Facebook on Thursday emphasised that it does not permit its employees to block news stories from its "Trending Topics" list based on political bias, amid a controversy over how the social media superpower selects what news it displays.
Technology news website Gizmodo on Monday reported that a former Facebook employee said workers "routinely suppressed news stories of interest to conservative readers" while"artificially" adding other stories to the trending list.
The Gizmodo story triggered a reaction on social media, with several journalists and commentators raising concerns about alleged bias, and prompted a US senate inquiry.
The social media company, whose reach is global, had over a billion daily active users on average in March, according to statistics the company posted to its newsroom.
In a post published to Facebook's media relations section on Thursday, a senior company official outlined its "Trending Topics" guidelines at length. "Facebook does not allow or advise our reviewers to discriminate against sources of any political origin, period,"wrote Justin Osofsky, vice president for global operations. "We have a series of checks and balances in place to help surface the most important popular stories, regardless of where they fall on the ideological spectrum." The post went on to explain how certain topics emerge in Facebook users' trending feeds. Potential trending topics are identified by an algorithm, or formula, Facebook said, then reviewed by a "Trending Topics" team.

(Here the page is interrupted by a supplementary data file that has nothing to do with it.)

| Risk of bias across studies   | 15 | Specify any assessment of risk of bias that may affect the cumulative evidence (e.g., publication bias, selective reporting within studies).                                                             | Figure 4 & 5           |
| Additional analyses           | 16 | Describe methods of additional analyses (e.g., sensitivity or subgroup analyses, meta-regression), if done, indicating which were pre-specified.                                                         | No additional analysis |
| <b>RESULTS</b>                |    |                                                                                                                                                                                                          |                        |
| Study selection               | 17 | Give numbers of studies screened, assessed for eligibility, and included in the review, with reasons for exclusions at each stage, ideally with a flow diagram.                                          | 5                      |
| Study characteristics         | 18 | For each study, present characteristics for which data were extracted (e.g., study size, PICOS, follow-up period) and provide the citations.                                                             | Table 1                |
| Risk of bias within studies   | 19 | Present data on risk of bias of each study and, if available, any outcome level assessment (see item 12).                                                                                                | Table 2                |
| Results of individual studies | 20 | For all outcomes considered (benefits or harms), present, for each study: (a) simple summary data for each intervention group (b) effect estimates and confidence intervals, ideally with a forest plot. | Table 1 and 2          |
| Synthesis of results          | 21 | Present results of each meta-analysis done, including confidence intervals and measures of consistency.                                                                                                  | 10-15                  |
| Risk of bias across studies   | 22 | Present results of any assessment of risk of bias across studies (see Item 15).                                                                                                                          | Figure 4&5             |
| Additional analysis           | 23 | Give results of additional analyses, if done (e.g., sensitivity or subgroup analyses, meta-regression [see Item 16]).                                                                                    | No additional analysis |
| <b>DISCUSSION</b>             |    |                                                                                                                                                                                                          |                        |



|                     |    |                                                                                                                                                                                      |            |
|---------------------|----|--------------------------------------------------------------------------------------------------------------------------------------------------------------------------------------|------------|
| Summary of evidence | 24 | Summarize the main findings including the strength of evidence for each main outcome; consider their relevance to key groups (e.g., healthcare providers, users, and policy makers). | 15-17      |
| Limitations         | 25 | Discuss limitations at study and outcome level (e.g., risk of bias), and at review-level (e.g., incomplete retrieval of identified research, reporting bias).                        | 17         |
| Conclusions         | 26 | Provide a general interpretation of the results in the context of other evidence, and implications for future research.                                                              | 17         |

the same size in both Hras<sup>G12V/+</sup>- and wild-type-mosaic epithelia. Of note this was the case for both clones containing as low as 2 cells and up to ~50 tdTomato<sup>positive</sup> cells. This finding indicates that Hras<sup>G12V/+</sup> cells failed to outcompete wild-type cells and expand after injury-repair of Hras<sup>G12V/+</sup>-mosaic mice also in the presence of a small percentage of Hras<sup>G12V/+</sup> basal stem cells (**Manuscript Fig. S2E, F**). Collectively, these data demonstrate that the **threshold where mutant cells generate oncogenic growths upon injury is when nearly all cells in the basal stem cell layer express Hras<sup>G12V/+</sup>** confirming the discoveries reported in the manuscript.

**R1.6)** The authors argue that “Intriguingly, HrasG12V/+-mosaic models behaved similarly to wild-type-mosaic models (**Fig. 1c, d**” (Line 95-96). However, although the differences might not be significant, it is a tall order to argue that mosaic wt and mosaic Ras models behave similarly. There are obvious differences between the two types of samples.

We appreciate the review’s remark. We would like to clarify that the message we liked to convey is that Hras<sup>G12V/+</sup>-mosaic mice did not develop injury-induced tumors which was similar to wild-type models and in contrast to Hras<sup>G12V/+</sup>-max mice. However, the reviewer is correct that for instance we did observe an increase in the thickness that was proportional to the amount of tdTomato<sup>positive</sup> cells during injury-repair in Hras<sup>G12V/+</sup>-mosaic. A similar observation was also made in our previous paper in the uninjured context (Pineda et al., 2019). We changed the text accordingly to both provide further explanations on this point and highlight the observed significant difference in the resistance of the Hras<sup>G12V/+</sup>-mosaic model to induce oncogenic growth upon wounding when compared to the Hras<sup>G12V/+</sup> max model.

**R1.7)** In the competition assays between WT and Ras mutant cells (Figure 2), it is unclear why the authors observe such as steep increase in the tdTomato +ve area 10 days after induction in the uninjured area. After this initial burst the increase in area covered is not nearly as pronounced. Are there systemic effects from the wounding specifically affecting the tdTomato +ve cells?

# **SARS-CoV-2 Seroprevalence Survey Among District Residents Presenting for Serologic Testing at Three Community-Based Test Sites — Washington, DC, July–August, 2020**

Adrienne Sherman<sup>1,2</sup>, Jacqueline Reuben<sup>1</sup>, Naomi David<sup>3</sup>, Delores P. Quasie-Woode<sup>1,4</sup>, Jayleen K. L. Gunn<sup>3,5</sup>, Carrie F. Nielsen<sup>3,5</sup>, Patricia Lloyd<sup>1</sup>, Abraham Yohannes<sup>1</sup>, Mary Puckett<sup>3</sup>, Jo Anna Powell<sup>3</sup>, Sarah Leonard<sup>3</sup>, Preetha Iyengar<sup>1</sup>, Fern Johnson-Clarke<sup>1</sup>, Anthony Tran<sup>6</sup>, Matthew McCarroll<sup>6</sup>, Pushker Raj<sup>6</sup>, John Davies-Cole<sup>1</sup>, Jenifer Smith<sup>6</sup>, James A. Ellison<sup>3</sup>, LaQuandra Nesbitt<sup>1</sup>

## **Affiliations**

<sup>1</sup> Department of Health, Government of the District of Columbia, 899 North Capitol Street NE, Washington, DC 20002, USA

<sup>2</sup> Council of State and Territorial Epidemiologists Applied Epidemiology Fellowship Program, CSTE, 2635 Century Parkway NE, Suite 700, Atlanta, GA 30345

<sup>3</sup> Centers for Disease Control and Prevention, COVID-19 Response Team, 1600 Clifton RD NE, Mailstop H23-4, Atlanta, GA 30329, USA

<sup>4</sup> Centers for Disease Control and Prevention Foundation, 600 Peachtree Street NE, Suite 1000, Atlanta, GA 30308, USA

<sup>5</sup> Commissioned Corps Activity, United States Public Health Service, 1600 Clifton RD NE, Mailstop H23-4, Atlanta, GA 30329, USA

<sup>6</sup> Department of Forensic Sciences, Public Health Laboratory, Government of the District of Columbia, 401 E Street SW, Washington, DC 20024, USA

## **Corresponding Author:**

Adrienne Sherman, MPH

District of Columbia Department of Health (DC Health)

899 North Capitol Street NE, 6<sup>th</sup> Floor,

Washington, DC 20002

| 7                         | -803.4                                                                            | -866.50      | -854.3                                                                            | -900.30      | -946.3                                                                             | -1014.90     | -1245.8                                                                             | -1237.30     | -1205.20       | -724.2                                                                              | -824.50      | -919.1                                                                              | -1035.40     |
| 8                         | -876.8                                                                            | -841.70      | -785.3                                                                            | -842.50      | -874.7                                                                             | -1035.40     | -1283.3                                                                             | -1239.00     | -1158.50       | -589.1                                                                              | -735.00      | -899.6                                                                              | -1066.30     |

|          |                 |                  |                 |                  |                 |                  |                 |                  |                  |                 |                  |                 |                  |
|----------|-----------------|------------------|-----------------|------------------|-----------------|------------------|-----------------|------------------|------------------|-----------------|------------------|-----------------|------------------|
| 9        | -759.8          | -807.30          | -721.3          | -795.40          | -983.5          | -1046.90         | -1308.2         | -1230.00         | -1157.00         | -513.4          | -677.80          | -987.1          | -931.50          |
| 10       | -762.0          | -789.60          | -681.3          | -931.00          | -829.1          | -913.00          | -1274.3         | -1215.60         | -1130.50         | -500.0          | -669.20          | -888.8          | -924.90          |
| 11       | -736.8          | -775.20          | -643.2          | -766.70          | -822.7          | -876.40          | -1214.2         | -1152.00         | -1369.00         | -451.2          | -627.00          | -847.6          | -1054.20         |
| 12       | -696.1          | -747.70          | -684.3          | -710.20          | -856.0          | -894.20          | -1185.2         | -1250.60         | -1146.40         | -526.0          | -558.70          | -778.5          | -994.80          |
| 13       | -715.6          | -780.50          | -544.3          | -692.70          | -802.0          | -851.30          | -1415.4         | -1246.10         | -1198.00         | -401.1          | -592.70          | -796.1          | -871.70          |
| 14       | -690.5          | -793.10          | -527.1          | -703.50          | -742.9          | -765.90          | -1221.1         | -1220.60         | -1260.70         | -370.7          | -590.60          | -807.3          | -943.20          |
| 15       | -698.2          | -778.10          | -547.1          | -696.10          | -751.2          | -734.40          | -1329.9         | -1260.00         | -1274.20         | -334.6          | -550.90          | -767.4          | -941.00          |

Gizmodo Editor-in-Chief Katie Drummond responded to the post with an email saying, "I don't see anything that contradicts our reporting-do you?" Gizmodo's story sparked a Senate committee inquiry.
Republican US Senator John Thune, chairman of the Committee on Commerce, Science, and Transportation, said in a statement on Tuesday that Facebook needed to respond to "these serious allegations." "Any attempt by a neutral and inclusive social media platform to censor or manipulate political discussion is an abuse of trust and inconsistent with the values of an open Internet," said Thune.